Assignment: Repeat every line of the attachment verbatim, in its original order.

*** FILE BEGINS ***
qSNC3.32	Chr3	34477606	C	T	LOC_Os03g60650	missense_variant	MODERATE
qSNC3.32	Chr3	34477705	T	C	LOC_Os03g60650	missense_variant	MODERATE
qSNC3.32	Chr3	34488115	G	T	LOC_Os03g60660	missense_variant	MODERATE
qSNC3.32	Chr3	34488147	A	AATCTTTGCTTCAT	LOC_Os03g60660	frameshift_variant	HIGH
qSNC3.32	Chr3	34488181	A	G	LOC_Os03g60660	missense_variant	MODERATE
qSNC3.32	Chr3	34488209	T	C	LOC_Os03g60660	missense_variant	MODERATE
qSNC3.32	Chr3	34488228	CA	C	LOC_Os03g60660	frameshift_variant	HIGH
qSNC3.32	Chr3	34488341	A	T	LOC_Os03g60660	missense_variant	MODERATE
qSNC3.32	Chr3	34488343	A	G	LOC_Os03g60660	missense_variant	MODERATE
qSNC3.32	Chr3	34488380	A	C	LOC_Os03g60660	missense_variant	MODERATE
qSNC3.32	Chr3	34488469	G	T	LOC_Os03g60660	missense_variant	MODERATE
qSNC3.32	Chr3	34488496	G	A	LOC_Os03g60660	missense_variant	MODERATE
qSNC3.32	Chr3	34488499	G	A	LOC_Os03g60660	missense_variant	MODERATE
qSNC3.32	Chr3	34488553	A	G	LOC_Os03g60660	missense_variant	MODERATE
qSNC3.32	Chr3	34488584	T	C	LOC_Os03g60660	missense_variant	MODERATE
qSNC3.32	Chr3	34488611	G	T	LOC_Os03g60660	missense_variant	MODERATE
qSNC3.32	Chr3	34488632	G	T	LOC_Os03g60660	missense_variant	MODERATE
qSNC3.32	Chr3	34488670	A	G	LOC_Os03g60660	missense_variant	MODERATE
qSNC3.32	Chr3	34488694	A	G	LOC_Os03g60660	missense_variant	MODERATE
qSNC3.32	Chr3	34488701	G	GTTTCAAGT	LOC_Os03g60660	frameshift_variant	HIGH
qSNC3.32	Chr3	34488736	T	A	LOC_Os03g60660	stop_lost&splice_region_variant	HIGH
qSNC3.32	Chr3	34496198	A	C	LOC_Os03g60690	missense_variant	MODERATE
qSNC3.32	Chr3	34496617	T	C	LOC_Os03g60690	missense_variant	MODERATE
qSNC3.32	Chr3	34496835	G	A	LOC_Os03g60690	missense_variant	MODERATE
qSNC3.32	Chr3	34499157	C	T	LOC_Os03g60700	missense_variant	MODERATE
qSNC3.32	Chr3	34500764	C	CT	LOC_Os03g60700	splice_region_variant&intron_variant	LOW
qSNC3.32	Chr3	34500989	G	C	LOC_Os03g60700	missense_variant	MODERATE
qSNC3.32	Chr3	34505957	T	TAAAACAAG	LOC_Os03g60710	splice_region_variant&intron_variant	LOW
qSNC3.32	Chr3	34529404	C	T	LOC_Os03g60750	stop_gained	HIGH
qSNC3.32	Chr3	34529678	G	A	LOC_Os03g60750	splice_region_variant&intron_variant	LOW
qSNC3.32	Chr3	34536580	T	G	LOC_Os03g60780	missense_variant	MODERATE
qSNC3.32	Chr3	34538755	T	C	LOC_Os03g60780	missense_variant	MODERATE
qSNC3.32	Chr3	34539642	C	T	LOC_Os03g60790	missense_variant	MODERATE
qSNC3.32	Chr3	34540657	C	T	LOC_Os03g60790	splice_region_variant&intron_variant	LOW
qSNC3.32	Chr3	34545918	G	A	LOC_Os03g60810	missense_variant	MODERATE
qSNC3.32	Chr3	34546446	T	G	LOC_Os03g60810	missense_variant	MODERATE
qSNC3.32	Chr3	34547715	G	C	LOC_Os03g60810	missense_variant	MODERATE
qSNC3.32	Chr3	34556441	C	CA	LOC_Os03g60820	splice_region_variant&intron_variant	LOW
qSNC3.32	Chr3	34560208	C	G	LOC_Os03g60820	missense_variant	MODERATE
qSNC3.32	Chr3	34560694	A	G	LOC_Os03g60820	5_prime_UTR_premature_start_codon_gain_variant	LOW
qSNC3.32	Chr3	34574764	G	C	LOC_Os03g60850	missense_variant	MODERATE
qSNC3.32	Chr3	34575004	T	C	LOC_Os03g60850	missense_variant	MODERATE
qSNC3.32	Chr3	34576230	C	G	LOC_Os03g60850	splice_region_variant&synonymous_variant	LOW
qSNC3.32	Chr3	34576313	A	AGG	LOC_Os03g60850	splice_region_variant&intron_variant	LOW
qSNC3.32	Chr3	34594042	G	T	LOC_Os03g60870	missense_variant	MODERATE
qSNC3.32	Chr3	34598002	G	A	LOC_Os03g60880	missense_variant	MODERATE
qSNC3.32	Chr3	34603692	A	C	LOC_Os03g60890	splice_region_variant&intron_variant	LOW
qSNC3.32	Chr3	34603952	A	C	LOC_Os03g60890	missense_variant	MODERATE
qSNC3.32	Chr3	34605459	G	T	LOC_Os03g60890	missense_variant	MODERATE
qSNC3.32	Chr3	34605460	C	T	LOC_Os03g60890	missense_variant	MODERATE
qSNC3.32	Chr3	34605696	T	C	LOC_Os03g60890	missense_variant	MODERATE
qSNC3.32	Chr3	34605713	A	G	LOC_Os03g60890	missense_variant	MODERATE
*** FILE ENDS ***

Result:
qSNC3.32	Chr3	34477606	C	T	LOC_Os03g60650	missense_variant	MODERATE
qSNC3.32	Chr3	34477705	T	C	LOC_Os03g60650	missense_variant	MODERATE
qSNC3.32	Chr3	34488115	G	T	LOC_Os03g60660	missense_variant	MODERATE
qSNC3.32	Chr3	34488147	A	AATCTTTGCTTCAT	LOC_Os03g60660	frameshift_variant	HIGH
qSNC3.32	Chr3	34488181	A	G	LOC_Os03g60660	missense_variant	MODERATE
qSNC3.32	Chr3	34488209	T	C	LOC_Os03g60660	missense_variant	MODERATE
qSNC3.32	Chr3	34488228	CA	C	LOC_Os03g60660	frameshift_variant	HIGH
qSNC3.32	Chr3	34488341	A	T	LOC_Os03g60660	missense_variant	MODERATE
qSNC3.32	Chr3	34488343	A	G	LOC_Os03g60660	missense_variant	MODERATE
qSNC3.32	Chr3	34488380	A	C	LOC_Os03g60660	missense_variant	MODERATE
qSNC3.32	Chr3	34488469	G	T	LOC_Os03g60660	missense_variant	MODERATE
qSNC3.32	Chr3	34488496	G	A	LOC_Os03g60660	missense_variant	MODERATE
qSNC3.32	Chr3	34488499	G	A	LOC_Os03g60660	missense_variant	MODERATE
qSNC3.32	Chr3	34488553	A	G	LOC_Os03g60660	missense_variant	MODERATE
qSNC3.32	Chr3	34488584	T	C	LOC_Os03g60660	missense_variant	MODERATE
qSNC3.32	Chr3	34488611	G	T	LOC_Os03g60660	missense_variant	MODERATE
qSNC3.32	Chr3	34488632	G	T	LOC_Os03g60660	missense_variant	MODERATE
qSNC3.32	Chr3	34488670	A	G	LOC_Os03g60660	missense_variant	MODERATE
qSNC3.32	Chr3	34488694	A	G	LOC_Os03g60660	missense_variant	MODERATE
qSNC3.32	Chr3	34488701	G	GTTTCAAGT	LOC_Os03g60660	frameshift_variant	HIGH
qSNC3.32	Chr3	34488736	T	A	LOC_Os03g60660	stop_lost&splice_region_variant	HIGH
qSNC3.32	Chr3	34496198	A	C	LOC_Os03g60690	missense_variant	MODERATE
qSNC3.32	Chr3	34496617	T	C	LOC_Os03g60690	missense_variant	MODERATE
qSNC3.32	Chr3	34496835	G	A	LOC_Os03g60690	missense_variant	MODERATE
qSNC3.32	Chr3	34499157	C	T	LOC_Os03g60700	missense_variant	MODERATE
qSNC3.32	Chr3	34500764	C	CT	LOC_Os03g60700	splice_region_variant&intron_variant	LOW
qSNC3.32	Chr3	34500989	G	C	LOC_Os03g60700	missense_variant	MODERATE
qSNC3.32	Chr3	34505957	T	TAAAACAAG	LOC_Os03g60710	splice_region_variant&intron_variant	LOW
qSNC3.32	Chr3	34529404	C	T	LOC_Os03g60750	stop_gained	HIGH
qSNC3.32	Chr3	34529678	G	A	LOC_Os03g60750	splice_region_variant&intron_variant	LOW
qSNC3.32	Chr3	34536580	T	G	LOC_Os03g60780	missense_variant	MODERATE
qSNC3.32	Chr3	34538755	T	C	LOC_Os03g60780	missense_variant	MODERATE
qSNC3.32	Chr3	34539642	C	T	LOC_Os03g60790	missense_variant	MODERATE
qSNC3.32	Chr3	34540657	C	T	LOC_Os03g60790	splice_region_variant&intron_variant	LOW
qSNC3.32	Chr3	34545918	G	A	LOC_Os03g60810	missense_variant	MODERATE
qSNC3.32	Chr3	34546446	T	G	LOC_Os03g60810	missense_variant	MODERATE
qSNC3.32	Chr3	34547715	G	C	LOC_Os03g60810	missense_variant	MODERATE
qSNC3.32	Chr3	34556441	C	CA	LOC_Os03g60820	splice_region_variant&intron_variant	LOW
qSNC3.32	Chr3	34560208	C	G	LOC_Os03g60820	missense_variant	MODERATE
qSNC3.32	Chr3	34560694	A	G	LOC_Os03g60820	5_prime_UTR_premature_start_codon_gain_variant	LOW
qSNC3.32	Chr3	34574764	G	C	LOC_Os03g60850	missense_variant	MODERATE
qSNC3.32	Chr3	34575004	T	C	LOC_Os03g60850	missense_variant	MODERATE
qSNC3.32	Chr3	34576230	C	G	LOC_Os03g60850	splice_region_variant&synonymous_variant	LOW
qSNC3.32	Chr3	34576313	A	AGG	LOC_Os03g60850	splice_region_variant&intron_variant	LOW
qSNC3.32	Chr3	34594042	G	T	LOC_Os03g60870	missense_variant	MODERATE
qSNC3.32	Chr3	34598002	G	A	LOC_Os03g60880	missense_variant	MODERATE
qSNC3.32	Chr3	34603692	A	C	LOC_Os03g60890	splice_region_variant&intron_variant	LOW
qSNC3.32	Chr3	34603952	A	C	LOC_Os03g60890	missense_variant	MODERATE
qSNC3.32	Chr3	34605459	G	T	LOC_Os03g60890	missense_variant	MODERATE
qSNC3.32	Chr3	34605460	C	T	LOC_Os03g60890	missense_variant	MODERATE
qSNC3.32	Chr3	34605696	T	C	LOC_Os03g60890	missense_variant	MODERATE
qSNC3.32	Chr3	34605713	A	G	LOC_Os03g60890	missense_variant	MODERATE